Denver Alimony Lawyer
Petrelli Previtera provides comprehensive and effective legal services to clients all throughout Colorado, including the Denver Metro as well as other areas. Our skilled lawyers help clients with a vast range of family law– and divorce-related matters. This includes providing well-informed counsel for post-divorce spousal support and pre-divorce spousal maintenance.
If you have any questions or concerns at all regarding your maintenance or support obligation or eligibility, feel free to reach out to us and speak with one of our experienced spousal support attorneys in Denver.
Alimony in Colorado – Spousal Maintenance
The legal term for the money that one spouse or ex-spouse is required to pay the other spouse or ex-spouse during or after a divorce is called spousal maintenance. Spousal maintenance, formerly referred to as alimony, has the ability to last for life and it is typically awarded for a set amount of time. When determining exactly how much spousal maintenance must be paid, the courts take into consideration a variety of factors.
The courts will look at the:
- Length of the marriage in question
- Health and age of the divorcing spouses
- Cost, availability, and loss of health insurance
- Subsequent tax consequences to both parties
- Additional, exceptional expenses to the children
- The parenting time arrangements with the children
- Future and present earning capacity of both parties
- Conditions which may inhibit a spouse’s earning capacity
- Wasteful dissipation of marital property by either spouse
- Marital property’s equitable distribution among the parties
- Difficulties either spouse may have finding work as a result of age or
lack of experience
- Duration and existence of separate households before divorce or a joint
household before marriage
- Ability of either spouse to become financially independent, and the training
and time it will require to do so
- Assets and income of both spouses, including each party’s share of
the marital property, as equitably divided by the court
- Factors that may have contributed to either spouse’s lost or reduced
lifetime earning capacity due to having delayed or foregone career opportunities,
employment, training, or education during the marriage.
Alimony Laws in Denver Metro (spousal support) – Temporary Maintenance
When spouses are in the middle of the divorce process, the spouse who is making less than the other spouse may be eligible for temporary spousal support, or maintenance, while the process continues. This temporary maintenance is intended to help the spouse who earns less by providing them with the financial resources they need, at least until the case is over.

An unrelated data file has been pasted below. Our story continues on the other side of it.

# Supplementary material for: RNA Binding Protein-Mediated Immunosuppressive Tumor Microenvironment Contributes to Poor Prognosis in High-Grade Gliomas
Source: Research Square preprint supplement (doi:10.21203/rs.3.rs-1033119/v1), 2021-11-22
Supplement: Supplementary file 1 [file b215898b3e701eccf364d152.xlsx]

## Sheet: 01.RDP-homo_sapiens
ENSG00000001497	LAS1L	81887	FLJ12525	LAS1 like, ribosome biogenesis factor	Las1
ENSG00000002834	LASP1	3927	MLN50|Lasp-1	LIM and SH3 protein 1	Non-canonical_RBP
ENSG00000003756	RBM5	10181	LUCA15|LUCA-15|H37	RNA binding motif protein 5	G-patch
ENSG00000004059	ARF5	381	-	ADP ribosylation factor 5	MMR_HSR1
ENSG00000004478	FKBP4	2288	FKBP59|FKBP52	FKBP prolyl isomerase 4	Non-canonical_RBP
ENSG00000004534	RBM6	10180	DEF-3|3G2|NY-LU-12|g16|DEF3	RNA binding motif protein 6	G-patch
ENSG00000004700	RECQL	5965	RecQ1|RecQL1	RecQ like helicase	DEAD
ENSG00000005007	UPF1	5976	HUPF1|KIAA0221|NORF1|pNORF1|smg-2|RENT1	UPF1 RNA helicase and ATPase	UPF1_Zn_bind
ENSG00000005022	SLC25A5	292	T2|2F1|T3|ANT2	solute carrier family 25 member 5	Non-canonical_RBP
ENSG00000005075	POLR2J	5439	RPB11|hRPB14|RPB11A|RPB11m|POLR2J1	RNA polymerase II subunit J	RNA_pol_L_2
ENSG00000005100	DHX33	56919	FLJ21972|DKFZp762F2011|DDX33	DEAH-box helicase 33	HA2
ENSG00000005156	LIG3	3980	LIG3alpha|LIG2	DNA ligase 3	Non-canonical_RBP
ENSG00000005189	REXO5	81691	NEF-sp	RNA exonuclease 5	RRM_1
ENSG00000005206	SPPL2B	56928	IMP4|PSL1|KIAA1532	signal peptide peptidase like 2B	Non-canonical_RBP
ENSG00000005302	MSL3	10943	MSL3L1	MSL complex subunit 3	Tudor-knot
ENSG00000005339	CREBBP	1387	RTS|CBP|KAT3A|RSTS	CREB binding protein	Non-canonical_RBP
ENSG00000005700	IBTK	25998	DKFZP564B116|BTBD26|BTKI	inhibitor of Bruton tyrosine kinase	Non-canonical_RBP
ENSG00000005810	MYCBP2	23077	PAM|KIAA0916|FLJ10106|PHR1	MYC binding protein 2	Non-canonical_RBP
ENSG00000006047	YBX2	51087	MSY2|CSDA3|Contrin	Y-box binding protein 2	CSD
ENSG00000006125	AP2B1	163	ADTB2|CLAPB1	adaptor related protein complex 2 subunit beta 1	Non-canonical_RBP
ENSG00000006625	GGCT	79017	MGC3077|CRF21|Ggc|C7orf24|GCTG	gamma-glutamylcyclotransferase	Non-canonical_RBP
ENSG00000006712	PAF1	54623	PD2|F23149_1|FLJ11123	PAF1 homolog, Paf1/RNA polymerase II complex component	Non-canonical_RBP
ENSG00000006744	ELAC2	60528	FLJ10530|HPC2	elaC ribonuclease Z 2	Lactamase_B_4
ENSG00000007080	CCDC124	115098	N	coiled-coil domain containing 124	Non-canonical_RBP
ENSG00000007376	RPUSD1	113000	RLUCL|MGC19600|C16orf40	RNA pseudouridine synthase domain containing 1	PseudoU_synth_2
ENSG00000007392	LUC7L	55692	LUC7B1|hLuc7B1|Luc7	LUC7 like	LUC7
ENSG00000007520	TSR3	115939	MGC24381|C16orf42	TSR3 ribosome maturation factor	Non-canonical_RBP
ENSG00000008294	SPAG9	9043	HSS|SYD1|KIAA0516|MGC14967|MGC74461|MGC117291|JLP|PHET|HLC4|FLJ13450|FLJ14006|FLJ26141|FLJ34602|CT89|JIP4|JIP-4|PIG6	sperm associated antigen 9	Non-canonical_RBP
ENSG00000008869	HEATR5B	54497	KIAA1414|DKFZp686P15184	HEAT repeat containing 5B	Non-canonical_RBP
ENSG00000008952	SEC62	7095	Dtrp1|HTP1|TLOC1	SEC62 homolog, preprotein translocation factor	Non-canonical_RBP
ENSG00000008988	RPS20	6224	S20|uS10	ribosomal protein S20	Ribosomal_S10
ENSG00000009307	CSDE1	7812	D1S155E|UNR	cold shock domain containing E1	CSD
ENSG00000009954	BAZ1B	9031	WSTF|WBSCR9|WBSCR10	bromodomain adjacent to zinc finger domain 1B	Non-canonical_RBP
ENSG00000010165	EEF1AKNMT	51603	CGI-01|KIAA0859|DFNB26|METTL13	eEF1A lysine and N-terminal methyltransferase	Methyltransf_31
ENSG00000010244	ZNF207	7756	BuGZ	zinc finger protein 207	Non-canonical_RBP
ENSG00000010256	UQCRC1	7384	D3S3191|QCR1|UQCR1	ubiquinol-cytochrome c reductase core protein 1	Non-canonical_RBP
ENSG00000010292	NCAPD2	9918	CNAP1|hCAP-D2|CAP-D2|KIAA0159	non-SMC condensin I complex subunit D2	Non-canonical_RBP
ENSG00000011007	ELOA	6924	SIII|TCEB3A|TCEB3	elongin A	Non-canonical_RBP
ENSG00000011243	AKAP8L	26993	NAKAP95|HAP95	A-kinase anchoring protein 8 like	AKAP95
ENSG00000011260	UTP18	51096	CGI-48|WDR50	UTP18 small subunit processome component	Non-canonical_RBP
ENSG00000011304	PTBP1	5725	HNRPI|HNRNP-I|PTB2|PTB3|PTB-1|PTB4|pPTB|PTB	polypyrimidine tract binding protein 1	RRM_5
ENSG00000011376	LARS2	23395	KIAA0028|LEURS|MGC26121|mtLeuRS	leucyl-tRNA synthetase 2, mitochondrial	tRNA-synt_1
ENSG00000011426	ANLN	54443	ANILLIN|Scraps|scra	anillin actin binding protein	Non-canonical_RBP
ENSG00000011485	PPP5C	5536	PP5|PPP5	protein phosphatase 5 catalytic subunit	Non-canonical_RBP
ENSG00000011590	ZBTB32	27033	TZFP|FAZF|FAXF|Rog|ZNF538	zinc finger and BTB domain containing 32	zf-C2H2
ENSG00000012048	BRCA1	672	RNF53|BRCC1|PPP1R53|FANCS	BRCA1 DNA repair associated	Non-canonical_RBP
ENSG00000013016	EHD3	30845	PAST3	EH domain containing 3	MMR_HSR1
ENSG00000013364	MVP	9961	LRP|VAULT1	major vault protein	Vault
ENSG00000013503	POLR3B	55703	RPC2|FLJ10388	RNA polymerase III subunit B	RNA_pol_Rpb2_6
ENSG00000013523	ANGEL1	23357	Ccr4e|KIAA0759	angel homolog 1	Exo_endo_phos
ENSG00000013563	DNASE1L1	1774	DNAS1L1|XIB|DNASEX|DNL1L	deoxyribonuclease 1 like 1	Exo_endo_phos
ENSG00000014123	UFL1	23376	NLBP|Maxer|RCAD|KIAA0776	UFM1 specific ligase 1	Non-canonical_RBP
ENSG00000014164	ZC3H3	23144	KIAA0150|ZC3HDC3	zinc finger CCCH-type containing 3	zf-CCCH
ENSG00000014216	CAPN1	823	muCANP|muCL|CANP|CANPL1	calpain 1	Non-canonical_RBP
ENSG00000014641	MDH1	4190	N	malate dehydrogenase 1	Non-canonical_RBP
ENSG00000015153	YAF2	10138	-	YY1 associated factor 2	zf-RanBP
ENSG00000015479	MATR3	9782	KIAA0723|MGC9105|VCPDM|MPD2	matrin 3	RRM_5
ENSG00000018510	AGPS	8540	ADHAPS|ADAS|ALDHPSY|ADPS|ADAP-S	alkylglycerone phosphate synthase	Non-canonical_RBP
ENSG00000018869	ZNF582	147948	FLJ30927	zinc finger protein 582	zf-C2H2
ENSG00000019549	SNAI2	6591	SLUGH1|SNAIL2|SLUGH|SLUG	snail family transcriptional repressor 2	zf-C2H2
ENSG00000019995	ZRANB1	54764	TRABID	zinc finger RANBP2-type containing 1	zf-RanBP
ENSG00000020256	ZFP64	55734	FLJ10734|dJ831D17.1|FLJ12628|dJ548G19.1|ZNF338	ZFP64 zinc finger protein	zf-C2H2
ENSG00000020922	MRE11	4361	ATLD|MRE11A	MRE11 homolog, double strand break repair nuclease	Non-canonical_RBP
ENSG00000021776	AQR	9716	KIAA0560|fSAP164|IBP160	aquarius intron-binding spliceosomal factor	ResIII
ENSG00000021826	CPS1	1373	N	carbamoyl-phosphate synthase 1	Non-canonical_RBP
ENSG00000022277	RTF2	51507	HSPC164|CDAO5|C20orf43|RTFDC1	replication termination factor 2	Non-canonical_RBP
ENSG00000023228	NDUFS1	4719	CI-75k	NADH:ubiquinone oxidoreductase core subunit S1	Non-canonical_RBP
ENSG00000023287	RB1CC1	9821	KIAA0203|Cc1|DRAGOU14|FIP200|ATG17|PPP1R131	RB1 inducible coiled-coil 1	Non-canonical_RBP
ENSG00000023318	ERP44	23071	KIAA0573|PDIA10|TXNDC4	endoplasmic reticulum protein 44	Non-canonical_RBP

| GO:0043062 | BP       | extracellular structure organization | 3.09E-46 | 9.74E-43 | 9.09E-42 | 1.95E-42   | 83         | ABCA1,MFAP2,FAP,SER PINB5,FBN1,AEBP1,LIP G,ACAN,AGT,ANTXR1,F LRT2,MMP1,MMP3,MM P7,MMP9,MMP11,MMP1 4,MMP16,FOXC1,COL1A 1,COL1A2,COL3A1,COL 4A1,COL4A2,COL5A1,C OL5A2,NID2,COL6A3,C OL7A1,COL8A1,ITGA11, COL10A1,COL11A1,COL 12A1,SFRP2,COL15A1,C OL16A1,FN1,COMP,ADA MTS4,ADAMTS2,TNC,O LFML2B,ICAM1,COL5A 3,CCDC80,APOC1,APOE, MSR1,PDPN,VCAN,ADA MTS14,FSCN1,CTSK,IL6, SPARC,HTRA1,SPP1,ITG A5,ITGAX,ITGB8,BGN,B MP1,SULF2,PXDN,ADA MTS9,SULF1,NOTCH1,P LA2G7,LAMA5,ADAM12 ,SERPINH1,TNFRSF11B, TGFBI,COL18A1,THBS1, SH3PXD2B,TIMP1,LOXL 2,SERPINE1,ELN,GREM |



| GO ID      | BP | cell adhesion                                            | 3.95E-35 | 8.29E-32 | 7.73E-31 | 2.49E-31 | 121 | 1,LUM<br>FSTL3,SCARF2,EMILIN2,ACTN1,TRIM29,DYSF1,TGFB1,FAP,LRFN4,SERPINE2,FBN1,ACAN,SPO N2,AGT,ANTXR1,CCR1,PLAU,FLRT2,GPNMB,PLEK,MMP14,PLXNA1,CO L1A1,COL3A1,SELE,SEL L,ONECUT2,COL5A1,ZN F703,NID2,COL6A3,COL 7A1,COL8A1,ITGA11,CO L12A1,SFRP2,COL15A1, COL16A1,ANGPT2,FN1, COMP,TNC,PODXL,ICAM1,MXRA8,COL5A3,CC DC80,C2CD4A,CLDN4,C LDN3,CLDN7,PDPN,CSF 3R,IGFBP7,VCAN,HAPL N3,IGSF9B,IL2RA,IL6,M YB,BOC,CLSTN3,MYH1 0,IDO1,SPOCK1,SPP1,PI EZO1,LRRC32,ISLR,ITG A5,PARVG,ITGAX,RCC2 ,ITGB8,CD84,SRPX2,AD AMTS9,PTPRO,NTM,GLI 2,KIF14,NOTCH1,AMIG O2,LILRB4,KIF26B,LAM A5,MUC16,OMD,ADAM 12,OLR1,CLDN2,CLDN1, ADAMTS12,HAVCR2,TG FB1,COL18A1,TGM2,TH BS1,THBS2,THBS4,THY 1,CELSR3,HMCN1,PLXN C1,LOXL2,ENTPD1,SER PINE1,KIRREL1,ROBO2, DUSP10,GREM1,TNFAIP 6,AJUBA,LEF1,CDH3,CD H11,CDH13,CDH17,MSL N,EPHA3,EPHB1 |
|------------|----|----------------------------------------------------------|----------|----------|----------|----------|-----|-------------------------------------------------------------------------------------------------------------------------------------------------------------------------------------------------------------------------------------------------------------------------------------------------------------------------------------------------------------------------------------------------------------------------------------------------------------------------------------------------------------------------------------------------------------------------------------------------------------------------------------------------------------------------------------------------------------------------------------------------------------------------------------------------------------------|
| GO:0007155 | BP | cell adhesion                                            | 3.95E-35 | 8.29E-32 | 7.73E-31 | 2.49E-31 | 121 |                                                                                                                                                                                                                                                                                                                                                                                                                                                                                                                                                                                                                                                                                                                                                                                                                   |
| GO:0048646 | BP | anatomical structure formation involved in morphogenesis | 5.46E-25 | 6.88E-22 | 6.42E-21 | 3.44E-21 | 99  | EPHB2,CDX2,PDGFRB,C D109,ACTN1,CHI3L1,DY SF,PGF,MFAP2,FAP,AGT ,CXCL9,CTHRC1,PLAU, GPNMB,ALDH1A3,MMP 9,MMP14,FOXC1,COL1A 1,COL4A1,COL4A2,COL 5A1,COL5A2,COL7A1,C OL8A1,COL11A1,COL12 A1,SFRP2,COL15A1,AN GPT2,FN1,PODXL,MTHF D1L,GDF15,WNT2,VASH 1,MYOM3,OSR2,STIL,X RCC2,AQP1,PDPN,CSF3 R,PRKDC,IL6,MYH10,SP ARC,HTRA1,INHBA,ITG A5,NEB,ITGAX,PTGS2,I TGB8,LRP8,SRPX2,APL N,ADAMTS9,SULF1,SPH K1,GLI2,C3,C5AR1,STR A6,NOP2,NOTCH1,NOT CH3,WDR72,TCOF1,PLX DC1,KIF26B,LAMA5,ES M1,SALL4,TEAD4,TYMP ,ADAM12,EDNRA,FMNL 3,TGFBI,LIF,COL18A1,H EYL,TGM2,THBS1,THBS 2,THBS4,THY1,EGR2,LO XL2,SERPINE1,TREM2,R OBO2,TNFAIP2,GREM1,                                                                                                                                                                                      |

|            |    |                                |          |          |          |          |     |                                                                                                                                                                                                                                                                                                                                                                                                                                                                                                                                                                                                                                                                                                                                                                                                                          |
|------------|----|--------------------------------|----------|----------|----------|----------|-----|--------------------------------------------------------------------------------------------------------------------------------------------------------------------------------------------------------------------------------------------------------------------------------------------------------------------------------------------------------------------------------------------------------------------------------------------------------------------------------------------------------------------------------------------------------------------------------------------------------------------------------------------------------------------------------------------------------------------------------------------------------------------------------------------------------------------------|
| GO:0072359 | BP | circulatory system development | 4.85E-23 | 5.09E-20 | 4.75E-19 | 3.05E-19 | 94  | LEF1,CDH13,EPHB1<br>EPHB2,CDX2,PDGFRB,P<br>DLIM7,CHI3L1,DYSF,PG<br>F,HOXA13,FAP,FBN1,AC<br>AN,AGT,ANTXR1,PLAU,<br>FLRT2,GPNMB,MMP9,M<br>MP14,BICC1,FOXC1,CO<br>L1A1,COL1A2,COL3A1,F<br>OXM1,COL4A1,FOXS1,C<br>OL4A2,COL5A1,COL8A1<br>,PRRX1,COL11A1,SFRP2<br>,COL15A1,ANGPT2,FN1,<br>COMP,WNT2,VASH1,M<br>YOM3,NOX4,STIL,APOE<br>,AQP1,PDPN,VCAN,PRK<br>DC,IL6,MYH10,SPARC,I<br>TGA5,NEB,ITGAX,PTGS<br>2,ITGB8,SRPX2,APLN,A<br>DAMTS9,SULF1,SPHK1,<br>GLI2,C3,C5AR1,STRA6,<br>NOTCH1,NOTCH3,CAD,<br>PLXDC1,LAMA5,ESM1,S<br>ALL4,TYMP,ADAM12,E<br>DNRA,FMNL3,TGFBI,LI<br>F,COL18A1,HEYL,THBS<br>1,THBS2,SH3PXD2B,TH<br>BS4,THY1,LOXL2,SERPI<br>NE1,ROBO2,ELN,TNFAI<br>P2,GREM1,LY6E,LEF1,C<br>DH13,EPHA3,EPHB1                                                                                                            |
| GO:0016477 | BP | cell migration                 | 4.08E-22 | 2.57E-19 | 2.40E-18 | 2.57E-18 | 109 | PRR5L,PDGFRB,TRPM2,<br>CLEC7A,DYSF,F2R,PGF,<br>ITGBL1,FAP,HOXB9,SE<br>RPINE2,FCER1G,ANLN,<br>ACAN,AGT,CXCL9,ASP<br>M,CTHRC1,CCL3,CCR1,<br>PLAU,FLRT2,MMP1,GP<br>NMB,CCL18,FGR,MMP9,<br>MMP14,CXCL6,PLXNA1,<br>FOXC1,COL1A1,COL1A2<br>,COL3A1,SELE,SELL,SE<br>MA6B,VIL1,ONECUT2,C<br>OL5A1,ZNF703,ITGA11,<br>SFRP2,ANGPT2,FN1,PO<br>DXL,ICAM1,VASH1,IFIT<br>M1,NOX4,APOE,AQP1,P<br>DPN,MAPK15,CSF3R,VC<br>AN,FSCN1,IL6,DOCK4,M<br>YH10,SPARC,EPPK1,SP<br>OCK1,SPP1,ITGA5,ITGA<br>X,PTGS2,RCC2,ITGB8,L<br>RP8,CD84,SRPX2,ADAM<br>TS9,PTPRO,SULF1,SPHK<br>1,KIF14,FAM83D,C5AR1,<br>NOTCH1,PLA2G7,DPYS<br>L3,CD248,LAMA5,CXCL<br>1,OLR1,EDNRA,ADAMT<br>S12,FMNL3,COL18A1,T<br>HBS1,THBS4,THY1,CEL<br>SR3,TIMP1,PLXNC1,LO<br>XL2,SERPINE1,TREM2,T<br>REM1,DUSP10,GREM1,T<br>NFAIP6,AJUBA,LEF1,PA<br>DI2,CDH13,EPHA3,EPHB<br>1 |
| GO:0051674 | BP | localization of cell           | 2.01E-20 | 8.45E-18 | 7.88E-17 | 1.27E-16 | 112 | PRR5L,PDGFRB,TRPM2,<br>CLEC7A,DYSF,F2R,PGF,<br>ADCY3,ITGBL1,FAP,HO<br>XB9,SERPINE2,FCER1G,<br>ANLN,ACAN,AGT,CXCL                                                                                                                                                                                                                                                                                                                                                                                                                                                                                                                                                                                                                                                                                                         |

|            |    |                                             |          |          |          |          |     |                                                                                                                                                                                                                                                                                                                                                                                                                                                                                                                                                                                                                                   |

The state of Colorado has certain laws that provide factors and a formula for courts to take into consideration when determining temporary spousal maintenance, many of which are similar to those that are used for post-divorce spousal support determinations. Whether you need to fight an order or acquire maintenance for yourself, our spousal support attorneys in Denver can help you.
Frequently Asked Questions
What Does the Court Consider When Determining Spousal Support?
you are eligible for spousal support and, if so, how much.
Do the 2019 Alimony Law Changes Impact My Case?
Understanding 2019 Spousal Maintenance Tax Laws For Colorado Divorce
The biggest change for alimony laws in Denver County is how the money spent and received is classified for tax purposes for each former spouse. For the paying spouse, alimony funds will no longer be tax-deductible and therefore an individual retirement account (IRA) can be used to fund alimony payments. Using pre-tax funds for spousal maintenance payments helps avoid both parties paying taxes on the money transferred. For the receiving spouse, alimony is no longer considered taxable income and can not be used as a pre-tax IRA investment.
Previously, alimony payments were paid from after-tax funds and considered income for the receiving spouse.
- Alimony is no longer tax deductible for the paying spouse.
- Alimony is no longer counted as taxable income by the receiving spouse.
- If the recipient is 59½, the paying spouse can use their individual retirement account (IRA) to pay alimony funds. If the recipient is not 59½, a 10% tax penalty must be paid.
- Alimony money cannot be able to be invested in an IRA.
For spousal maintenance plans granted on or before December 31, 2018 (even if it is modified after December 31, 2018), old-laws apply.
- Alimony is tax-deductible by the paying spouse.
- Alimony is counted as taxable income by the receiving spouse.
Some important things to remember:
- Temporary maintenance is not considered for tax purposes by either
- Child support is never considered on tax reporting for either party.
To understand how these changes impact your spousal maintenance will affect your upcoming divorce settlement, or how you can make modifications, contact the expert legal team at Petrelli Previtera, LLC. Our divorce lawyers have been defending the rights of Colorado families in the greater Denver area for decades. We are here to help your divorce go as quickly, smoothly, and fairly as possible. Contact us for your consultation today.
Contact a Denver Alimony Lawyer
Are you considering or going through a divorce and need help with spousal maintenance and support? A Denver Alimony Lawyer at Petrelli Previtera, LLC can provide the experienced legal counsel and advice you need. We are intimately familiar with this complicated practice area and can help you with all your family law needs.